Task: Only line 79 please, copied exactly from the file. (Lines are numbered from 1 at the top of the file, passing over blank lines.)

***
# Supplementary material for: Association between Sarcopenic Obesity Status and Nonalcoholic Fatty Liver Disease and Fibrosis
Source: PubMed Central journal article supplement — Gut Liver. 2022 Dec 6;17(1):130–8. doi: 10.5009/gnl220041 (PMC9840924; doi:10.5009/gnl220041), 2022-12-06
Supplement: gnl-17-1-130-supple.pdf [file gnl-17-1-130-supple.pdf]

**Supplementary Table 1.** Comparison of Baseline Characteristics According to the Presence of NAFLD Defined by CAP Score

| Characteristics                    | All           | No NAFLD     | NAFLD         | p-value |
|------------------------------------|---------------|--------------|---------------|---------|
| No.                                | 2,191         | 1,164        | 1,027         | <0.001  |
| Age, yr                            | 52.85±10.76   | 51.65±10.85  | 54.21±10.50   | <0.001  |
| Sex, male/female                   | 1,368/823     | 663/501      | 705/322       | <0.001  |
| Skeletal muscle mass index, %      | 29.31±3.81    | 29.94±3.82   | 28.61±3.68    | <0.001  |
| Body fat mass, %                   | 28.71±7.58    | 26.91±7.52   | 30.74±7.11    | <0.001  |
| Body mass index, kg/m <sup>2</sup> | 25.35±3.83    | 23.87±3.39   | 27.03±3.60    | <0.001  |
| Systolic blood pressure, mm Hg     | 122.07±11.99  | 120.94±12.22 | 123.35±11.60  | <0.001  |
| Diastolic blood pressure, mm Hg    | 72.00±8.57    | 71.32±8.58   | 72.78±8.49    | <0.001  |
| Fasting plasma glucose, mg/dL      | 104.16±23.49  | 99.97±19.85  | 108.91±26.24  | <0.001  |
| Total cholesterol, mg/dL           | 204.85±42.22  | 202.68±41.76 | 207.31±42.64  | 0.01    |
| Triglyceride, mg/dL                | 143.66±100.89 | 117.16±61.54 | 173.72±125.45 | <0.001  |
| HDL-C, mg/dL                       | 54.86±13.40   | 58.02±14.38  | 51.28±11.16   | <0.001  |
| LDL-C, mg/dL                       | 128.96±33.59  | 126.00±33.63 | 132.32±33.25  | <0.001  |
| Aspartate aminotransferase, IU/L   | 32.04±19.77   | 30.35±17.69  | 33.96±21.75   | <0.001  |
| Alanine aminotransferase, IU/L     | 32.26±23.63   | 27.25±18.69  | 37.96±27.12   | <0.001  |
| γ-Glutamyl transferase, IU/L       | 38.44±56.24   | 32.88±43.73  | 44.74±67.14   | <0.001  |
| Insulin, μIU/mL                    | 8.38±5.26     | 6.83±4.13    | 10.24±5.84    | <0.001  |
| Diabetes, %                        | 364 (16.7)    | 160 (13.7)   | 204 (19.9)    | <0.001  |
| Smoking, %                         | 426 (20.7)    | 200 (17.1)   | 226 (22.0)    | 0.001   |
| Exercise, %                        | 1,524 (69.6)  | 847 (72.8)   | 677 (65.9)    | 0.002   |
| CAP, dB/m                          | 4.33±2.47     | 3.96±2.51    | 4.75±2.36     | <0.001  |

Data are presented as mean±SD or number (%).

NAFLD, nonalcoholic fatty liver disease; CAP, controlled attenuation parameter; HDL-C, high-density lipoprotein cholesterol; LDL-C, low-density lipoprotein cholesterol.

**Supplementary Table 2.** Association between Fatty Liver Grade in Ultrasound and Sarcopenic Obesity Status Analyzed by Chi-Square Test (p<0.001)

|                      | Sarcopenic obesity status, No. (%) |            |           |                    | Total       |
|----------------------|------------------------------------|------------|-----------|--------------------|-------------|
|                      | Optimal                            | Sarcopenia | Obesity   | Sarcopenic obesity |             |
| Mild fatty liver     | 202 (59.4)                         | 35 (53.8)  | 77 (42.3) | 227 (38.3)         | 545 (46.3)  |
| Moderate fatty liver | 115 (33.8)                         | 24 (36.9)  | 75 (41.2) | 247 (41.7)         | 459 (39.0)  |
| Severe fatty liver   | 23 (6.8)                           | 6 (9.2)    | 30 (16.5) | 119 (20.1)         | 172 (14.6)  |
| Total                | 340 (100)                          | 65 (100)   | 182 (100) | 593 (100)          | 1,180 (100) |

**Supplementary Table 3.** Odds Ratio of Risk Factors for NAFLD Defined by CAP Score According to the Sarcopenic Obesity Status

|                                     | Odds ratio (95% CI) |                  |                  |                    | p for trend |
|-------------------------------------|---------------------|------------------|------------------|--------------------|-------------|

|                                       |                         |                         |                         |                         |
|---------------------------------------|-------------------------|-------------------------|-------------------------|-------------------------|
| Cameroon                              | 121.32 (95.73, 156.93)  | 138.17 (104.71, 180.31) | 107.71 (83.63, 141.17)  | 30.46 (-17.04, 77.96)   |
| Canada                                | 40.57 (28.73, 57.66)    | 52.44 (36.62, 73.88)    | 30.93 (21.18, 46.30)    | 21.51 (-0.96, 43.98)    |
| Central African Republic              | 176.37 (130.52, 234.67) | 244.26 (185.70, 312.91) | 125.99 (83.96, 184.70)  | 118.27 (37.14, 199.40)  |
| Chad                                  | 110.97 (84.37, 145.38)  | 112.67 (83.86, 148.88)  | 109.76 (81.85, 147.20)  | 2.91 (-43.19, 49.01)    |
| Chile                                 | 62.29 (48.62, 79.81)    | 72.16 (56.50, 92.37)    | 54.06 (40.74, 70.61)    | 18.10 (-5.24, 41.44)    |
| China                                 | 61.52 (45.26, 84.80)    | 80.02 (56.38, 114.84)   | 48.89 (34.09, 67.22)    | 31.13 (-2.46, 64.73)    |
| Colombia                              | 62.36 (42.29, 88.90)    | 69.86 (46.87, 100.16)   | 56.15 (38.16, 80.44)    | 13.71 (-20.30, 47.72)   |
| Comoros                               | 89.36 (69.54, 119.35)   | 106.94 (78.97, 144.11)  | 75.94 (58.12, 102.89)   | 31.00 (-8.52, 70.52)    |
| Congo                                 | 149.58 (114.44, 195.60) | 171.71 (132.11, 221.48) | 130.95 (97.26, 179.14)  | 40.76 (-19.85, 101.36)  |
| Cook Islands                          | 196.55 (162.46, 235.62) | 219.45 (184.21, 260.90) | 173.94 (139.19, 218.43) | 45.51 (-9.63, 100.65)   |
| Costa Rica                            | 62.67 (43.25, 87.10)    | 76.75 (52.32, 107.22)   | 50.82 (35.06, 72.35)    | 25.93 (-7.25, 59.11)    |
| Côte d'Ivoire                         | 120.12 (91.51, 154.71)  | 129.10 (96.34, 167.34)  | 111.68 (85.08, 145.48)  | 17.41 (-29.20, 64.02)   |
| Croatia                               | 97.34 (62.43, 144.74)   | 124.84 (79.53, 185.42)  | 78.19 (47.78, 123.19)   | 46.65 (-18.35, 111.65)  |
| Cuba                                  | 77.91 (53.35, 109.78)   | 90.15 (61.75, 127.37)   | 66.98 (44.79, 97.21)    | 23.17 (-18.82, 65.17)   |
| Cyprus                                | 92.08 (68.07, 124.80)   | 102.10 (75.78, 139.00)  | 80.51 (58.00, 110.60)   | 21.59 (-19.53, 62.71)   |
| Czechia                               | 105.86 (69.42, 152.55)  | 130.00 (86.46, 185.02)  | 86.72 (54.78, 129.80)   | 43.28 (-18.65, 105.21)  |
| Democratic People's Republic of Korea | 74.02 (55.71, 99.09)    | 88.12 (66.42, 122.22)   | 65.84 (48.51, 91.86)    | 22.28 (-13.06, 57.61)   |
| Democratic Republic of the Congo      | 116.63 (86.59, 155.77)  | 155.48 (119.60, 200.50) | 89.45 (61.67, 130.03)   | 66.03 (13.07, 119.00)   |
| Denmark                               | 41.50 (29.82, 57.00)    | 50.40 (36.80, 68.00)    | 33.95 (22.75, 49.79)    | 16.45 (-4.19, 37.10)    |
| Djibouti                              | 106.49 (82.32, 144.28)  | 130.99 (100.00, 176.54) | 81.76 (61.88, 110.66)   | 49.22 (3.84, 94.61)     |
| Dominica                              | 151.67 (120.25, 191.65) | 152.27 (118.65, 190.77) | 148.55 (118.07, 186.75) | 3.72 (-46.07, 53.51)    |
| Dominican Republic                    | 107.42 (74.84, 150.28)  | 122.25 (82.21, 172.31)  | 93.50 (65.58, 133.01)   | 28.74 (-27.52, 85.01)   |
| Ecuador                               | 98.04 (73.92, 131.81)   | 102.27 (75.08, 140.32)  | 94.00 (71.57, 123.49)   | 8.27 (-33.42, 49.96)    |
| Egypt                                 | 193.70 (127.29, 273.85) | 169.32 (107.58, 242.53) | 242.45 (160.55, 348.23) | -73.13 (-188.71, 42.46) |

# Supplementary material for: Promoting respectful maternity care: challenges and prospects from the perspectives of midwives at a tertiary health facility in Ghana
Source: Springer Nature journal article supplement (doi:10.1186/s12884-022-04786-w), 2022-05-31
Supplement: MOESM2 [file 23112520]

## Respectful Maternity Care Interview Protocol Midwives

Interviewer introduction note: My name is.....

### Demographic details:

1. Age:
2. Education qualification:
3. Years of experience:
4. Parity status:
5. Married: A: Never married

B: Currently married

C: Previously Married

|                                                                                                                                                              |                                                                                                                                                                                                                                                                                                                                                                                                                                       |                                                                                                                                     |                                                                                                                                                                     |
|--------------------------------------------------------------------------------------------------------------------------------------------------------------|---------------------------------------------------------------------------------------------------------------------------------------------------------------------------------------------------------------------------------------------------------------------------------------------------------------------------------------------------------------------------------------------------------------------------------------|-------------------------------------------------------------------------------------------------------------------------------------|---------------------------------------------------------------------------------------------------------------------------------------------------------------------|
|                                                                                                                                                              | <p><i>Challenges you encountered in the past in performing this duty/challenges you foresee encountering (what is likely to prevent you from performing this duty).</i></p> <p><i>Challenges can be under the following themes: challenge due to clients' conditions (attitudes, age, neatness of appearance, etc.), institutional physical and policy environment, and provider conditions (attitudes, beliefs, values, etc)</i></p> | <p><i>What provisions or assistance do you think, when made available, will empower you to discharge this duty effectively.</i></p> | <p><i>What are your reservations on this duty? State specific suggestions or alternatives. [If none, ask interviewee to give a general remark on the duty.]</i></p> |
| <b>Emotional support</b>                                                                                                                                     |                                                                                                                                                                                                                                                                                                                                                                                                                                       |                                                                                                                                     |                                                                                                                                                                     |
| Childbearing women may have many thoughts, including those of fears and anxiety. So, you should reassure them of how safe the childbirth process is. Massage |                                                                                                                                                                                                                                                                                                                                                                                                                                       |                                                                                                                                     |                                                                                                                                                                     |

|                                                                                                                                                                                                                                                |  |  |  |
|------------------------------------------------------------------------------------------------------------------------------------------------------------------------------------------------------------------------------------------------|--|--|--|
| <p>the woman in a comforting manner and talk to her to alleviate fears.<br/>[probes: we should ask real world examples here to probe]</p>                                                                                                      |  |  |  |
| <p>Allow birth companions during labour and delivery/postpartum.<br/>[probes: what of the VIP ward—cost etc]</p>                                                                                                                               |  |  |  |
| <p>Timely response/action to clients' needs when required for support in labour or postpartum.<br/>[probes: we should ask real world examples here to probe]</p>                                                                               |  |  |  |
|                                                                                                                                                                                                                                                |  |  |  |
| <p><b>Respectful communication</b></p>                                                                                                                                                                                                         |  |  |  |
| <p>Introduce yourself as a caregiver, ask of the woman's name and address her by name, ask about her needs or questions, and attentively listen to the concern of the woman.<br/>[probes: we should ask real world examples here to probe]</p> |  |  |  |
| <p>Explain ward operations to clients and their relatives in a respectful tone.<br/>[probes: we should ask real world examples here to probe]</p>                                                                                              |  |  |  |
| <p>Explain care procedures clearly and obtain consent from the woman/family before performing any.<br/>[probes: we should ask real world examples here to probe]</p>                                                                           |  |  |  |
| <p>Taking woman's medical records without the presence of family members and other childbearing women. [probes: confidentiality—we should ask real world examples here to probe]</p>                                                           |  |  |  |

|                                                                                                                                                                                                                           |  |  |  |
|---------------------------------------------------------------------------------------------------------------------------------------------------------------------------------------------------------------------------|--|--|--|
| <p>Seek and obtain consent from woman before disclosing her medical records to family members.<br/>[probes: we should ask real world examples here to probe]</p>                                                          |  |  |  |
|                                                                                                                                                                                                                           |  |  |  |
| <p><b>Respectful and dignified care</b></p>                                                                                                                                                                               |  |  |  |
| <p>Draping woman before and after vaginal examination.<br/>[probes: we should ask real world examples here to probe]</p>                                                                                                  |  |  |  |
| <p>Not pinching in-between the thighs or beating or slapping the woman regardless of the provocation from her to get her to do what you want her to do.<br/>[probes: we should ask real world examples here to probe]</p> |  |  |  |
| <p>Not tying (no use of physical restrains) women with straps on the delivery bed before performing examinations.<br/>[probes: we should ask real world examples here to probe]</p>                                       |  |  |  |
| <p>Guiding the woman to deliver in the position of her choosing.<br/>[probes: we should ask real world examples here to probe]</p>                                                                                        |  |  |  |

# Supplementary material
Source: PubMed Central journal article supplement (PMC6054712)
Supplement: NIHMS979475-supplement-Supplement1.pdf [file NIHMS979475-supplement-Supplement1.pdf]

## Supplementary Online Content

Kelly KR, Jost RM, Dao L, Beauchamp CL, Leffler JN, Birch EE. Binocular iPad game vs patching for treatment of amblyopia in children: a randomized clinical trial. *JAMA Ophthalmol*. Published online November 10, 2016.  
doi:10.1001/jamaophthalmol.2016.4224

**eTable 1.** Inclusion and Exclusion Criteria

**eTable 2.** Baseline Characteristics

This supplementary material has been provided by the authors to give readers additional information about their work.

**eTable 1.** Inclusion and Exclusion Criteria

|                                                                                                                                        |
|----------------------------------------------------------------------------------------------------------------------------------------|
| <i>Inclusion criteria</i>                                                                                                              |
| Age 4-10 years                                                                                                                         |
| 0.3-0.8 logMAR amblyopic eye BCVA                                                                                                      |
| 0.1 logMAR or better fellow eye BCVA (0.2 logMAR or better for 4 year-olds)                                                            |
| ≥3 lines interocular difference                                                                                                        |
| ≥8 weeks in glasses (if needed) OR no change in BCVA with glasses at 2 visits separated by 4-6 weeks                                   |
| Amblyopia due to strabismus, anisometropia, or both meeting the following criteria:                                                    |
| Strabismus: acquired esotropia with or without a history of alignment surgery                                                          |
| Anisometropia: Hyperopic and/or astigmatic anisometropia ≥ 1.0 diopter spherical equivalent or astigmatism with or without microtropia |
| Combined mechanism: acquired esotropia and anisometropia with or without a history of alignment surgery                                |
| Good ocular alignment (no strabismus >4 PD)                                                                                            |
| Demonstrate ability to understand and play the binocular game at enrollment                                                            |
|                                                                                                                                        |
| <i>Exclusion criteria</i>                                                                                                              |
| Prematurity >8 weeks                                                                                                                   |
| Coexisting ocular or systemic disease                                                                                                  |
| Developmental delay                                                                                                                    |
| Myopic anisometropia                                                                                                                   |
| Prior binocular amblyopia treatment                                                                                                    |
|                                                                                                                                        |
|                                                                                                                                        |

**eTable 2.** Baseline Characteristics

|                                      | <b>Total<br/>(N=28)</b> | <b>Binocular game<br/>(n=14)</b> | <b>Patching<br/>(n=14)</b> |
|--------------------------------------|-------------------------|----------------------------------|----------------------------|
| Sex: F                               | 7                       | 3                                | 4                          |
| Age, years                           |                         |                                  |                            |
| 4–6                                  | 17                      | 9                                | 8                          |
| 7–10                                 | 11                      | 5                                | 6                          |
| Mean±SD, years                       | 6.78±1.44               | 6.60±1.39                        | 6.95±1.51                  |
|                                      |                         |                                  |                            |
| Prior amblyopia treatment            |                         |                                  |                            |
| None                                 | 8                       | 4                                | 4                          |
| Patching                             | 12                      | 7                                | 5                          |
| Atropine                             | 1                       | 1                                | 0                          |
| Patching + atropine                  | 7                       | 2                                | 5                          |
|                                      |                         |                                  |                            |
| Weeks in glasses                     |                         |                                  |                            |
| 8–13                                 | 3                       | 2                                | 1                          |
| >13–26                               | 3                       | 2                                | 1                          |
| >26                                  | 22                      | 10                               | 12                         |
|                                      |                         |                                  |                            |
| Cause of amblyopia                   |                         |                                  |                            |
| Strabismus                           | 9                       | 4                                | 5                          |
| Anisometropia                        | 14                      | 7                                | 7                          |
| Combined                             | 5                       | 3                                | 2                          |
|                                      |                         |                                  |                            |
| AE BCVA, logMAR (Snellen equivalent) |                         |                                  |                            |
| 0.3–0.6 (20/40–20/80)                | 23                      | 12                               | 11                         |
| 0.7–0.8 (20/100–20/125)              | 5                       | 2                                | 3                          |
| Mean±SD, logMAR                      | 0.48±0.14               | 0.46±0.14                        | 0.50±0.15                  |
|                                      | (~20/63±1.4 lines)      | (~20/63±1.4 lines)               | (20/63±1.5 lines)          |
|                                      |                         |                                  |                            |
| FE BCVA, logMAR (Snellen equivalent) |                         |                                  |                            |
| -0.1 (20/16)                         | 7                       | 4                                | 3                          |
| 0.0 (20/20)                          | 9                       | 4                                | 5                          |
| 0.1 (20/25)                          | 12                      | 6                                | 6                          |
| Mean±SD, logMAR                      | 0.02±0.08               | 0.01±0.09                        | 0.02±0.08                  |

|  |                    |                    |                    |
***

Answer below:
C: Previously Married